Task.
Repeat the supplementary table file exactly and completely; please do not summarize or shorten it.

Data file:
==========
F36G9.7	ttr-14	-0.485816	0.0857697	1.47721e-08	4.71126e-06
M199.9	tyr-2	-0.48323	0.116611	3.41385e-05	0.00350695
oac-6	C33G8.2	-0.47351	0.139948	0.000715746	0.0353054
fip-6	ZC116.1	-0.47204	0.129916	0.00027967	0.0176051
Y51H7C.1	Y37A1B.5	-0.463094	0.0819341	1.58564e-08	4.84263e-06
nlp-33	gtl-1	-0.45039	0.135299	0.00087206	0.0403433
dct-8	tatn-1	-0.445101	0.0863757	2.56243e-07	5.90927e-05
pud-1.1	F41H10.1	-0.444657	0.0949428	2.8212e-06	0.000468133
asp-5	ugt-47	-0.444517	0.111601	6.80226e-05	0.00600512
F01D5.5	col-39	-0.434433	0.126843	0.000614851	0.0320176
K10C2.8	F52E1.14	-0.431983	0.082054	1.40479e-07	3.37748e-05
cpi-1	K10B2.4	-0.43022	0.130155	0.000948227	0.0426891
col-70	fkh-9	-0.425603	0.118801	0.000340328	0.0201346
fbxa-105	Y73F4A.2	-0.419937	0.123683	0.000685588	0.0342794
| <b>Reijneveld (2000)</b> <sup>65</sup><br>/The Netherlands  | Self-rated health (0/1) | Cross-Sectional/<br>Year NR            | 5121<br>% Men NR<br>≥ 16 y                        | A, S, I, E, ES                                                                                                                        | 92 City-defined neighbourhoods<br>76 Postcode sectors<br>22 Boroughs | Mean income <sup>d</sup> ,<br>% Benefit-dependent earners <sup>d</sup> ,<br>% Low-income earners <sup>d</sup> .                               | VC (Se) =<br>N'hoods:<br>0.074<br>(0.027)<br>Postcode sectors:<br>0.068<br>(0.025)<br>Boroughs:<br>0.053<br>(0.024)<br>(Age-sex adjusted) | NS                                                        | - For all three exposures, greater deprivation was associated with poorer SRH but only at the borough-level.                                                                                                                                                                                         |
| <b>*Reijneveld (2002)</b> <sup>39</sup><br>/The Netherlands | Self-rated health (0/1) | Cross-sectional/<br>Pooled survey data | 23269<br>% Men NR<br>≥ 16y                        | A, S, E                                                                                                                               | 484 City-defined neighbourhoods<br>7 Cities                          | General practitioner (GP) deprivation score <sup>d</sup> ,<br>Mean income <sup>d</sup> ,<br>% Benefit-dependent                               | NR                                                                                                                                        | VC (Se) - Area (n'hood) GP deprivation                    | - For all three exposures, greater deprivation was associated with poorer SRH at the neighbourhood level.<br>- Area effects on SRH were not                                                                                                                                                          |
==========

F36G9.7	ttr-14	-0.485816	0.0857697	1.47721e-08	4.71126e-06
M199.9	tyr-2	-0.48323	0.116611	3.41385e-05	0.00350695
oac-6	C33G8.2	-0.47351	0.139948	0.000715746	0.0353054
fip-6	ZC116.1	-0.47204	0.129916	0.00027967	0.0176051
Y51H7C.1	Y37A1B.5	-0.463094	0.0819341	1.58564e-08	4.84263e-06
nlp-33	gtl-1	-0.45039	0.135299	0.00087206	0.0403433
dct-8	tatn-1	-0.445101	0.0863757	2.56243e-07	5.90927e-05
pud-1.1	F41H10.1	-0.444657	0.0949428	2.8212e-06	0.000468133
asp-5	ugt-47	-0.444517	0.111601	6.80226e-05	0.00600512
F01D5.5	col-39	-0.434433	0.126843	0.000614851	0.0320176
K10C2.8	F52E1.14	-0.431983	0.082054	1.40479e-07	3.37748e-05
cpi-1	K10B2.4	-0.43022	0.130155	0.000948227	0.0426891
col-70	fkh-9	-0.425603	0.118801	0.000340328	0.0201346
fbxa-105	Y73F4A.2	-0.419937	0.123683	0.000685588	0.0342794
| <b>Reijneveld (2000)</b> <sup>65</sup><br>/The Netherlands  | Self-rated health (0/1) | Cross-Sectional/<br>Year NR            | 5121<br>% Men NR<br>≥ 16 y                        | A, S, I, E, ES                                                                                                                        | 92 City-defined neighbourhoods<br>76 Postcode sectors<br>22 Boroughs | Mean income <sup>d</sup> ,<br>% Benefit-dependent earners <sup>d</sup> ,<br>% Low-income earners <sup>d</sup> .                               | VC (Se) =<br>N'hoods:<br>0.074<br>(0.027)<br>Postcode sectors:<br>0.068<br>(0.025)<br>Boroughs:<br>0.053<br>(0.024)<br>(Age-sex adjusted) | NS                                                        | - For all three exposures, greater deprivation was associated with poorer SRH but only at the borough-level.                                                                                                                                                                                         |
| <b>*Reijneveld (2002)</b> <sup>39</sup><br>/The Netherlands | Self-rated health (0/1) | Cross-sectional/<br>Pooled survey data | 23269<br>% Men NR<br>≥ 16y                        | A, S, E                                                                                                                               | 484 City-defined neighbourhoods<br>7 Cities                          | General practitioner (GP) deprivation score <sup>d</sup> ,<br>Mean income <sup>d</sup> ,<br>% Benefit-dependent                               | NR                                                                                                                                        | VC (Se) - Area (n'hood) GP deprivation                    | - For all three exposures, greater deprivation was associated with poorer SRH at the neighbourhood level.<br>- Area effects on SRH were not                                                                                                                                                          |